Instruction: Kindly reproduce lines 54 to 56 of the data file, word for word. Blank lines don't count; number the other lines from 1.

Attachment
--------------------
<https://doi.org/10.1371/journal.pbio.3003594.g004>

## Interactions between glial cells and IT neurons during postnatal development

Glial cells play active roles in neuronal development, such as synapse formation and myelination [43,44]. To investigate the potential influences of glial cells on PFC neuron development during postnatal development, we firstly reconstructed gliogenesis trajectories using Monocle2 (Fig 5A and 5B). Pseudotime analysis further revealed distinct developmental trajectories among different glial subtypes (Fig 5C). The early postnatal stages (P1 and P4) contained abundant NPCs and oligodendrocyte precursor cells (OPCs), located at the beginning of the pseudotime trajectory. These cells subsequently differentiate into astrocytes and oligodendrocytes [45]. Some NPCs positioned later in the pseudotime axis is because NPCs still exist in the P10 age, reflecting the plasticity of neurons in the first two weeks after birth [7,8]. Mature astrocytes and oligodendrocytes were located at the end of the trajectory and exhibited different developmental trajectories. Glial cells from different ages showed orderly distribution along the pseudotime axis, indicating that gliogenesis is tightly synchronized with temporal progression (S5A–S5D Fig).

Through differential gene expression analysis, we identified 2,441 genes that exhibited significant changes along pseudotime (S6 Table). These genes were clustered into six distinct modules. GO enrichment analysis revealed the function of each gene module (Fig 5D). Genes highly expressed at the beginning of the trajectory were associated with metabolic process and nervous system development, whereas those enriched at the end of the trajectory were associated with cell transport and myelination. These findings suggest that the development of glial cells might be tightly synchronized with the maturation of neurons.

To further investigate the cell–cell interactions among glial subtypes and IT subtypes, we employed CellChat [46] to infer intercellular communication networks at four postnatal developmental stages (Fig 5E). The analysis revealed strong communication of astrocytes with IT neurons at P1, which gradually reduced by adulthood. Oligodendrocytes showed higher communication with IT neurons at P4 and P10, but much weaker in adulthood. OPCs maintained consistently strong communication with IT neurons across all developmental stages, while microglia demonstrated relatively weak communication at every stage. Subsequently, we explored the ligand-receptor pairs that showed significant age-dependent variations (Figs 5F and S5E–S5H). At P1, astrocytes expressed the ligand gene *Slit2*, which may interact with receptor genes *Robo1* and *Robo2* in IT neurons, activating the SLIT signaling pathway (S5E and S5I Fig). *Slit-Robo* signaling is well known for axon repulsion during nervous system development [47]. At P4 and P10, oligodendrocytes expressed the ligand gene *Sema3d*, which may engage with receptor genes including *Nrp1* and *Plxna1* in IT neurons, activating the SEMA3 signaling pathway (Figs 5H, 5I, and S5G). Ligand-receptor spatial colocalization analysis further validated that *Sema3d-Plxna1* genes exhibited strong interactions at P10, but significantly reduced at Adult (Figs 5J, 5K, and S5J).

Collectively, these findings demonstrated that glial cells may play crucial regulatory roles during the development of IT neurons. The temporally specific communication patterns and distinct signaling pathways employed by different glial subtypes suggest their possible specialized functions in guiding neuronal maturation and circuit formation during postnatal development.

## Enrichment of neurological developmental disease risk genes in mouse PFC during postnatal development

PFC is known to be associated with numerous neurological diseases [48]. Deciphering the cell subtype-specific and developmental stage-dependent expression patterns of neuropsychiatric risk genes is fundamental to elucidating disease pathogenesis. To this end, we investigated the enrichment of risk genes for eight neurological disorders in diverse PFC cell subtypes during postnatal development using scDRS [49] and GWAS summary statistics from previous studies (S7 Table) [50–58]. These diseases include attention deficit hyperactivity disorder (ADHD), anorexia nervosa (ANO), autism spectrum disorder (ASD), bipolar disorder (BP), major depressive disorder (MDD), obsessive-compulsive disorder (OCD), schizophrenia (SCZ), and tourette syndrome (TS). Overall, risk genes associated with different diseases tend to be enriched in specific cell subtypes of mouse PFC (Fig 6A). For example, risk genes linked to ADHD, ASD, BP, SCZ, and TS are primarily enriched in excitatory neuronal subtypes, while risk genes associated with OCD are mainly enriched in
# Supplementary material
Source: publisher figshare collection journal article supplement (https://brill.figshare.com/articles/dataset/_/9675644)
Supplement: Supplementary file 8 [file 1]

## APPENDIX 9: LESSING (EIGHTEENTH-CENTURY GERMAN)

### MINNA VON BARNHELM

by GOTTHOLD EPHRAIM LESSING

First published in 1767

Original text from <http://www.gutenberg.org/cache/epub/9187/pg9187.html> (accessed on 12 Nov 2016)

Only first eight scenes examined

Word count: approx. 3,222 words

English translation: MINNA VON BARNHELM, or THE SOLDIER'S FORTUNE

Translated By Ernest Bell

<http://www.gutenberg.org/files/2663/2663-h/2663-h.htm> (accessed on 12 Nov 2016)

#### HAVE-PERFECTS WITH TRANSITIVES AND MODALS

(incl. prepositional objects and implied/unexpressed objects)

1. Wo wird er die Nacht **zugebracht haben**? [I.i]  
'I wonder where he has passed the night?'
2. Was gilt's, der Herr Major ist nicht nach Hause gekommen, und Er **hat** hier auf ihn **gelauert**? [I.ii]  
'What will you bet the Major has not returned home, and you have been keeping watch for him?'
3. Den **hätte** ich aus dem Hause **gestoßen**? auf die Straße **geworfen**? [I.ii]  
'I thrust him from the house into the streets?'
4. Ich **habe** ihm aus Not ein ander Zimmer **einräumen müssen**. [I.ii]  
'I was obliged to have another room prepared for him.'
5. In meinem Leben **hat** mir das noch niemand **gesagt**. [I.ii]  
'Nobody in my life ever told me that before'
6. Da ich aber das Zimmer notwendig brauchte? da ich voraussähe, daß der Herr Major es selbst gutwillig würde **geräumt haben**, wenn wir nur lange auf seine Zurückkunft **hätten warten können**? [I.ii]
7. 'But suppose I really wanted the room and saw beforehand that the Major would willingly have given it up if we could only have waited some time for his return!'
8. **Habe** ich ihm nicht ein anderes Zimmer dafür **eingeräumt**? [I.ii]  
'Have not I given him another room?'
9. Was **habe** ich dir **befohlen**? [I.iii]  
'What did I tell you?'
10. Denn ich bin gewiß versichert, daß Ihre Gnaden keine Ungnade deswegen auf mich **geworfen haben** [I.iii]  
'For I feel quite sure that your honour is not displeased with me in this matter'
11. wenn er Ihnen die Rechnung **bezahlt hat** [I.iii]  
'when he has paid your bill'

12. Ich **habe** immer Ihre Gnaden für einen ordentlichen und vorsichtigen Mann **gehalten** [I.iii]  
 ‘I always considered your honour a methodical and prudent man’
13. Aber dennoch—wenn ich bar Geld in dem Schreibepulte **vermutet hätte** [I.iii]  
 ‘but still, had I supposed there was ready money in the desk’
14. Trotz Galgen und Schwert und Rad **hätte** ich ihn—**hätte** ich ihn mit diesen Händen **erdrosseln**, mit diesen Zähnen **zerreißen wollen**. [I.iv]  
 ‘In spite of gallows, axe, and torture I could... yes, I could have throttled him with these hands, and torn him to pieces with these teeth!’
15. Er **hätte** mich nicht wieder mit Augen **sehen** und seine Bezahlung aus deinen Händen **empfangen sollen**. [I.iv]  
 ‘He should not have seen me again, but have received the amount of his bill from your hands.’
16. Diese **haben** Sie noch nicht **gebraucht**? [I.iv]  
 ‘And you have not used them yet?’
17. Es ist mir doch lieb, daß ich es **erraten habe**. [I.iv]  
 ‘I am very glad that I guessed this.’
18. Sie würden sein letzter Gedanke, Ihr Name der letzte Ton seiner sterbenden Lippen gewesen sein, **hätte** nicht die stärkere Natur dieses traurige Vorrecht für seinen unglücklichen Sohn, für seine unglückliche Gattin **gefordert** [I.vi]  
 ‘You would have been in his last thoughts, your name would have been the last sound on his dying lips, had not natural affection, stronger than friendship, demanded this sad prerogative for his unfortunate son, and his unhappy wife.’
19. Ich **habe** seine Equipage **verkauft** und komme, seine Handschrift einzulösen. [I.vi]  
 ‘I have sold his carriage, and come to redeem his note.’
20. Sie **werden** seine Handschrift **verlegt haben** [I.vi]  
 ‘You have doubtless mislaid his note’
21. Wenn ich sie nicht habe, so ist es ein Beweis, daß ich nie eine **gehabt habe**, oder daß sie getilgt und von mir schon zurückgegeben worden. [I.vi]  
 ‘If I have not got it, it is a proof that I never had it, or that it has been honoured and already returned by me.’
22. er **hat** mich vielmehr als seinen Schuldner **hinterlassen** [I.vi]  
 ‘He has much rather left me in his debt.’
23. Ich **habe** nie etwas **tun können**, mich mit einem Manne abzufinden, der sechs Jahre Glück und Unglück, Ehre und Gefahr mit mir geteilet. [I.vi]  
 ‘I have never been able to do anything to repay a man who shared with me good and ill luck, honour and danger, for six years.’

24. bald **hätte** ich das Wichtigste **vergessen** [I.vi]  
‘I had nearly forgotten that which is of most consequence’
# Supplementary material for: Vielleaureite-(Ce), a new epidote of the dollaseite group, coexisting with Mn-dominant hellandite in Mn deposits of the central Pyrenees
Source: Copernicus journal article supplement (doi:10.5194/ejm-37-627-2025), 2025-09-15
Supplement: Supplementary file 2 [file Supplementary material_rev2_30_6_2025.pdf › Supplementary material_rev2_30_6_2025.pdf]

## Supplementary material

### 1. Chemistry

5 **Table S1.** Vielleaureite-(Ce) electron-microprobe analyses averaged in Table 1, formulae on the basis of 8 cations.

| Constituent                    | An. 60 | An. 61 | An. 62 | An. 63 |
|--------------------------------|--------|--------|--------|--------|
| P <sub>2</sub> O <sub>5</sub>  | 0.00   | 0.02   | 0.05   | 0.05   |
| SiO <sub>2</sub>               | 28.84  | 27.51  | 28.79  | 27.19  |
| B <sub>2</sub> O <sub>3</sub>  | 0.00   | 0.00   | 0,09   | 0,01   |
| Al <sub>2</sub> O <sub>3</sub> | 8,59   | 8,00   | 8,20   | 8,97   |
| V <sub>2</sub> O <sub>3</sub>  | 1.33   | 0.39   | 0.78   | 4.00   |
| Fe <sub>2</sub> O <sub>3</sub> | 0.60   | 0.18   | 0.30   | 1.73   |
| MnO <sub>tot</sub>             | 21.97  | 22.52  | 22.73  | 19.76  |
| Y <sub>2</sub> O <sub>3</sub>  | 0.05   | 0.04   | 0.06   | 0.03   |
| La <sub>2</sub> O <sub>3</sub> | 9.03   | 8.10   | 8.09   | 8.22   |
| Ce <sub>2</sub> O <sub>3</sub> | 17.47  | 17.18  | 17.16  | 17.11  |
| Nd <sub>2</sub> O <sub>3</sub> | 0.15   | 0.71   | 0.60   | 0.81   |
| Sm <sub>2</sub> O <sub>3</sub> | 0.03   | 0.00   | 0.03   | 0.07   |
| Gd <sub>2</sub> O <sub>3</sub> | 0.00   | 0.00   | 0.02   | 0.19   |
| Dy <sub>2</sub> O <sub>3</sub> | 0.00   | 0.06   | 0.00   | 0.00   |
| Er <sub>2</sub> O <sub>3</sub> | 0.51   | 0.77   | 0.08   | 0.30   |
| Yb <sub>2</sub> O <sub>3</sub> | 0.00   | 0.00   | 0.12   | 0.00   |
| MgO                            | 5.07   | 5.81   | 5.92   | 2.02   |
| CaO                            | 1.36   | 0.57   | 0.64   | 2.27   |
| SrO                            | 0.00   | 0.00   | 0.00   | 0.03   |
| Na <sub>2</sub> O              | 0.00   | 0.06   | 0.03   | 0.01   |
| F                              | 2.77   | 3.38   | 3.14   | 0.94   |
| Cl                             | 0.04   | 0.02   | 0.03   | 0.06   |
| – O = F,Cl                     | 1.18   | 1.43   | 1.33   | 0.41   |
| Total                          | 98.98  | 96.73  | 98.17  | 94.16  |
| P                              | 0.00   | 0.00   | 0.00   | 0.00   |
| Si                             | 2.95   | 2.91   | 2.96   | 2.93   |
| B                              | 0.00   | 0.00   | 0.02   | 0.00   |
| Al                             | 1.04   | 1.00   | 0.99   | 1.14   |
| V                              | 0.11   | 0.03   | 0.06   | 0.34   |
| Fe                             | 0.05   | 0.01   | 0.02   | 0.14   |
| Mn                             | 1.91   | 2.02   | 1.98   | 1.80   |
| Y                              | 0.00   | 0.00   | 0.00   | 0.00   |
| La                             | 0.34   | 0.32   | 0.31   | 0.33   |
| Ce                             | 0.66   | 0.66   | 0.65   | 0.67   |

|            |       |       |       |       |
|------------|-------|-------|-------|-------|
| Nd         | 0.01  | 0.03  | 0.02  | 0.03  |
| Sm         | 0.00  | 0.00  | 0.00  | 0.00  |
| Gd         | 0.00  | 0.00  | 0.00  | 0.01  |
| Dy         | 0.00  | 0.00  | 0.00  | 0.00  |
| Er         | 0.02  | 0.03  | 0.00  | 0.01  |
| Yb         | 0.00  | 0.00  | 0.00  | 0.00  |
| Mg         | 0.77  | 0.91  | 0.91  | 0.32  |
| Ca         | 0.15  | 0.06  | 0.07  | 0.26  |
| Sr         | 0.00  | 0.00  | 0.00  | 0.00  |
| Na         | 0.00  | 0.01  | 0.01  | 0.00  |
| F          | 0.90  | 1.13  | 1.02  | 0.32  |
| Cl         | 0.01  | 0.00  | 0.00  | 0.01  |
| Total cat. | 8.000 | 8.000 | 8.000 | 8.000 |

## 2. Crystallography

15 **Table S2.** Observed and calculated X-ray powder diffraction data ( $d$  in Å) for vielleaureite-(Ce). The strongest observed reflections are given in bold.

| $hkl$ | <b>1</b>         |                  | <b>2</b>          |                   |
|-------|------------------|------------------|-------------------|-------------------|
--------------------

17. Es ist mir doch lieb, daß ich es **erraten habe**. [I.iv]  
 ‘I am very glad that I guessed this.’
18. Sie würden sein letzter Gedanke, Ihr Name der letzte Ton seiner sterbenden Lippen gewesen sein, **hätte** nicht die stärkere Natur dieses traurige Vorrecht für seinen unglücklichen Sohn, für seine unglückliche Gattin **gefordert** [I.vi]  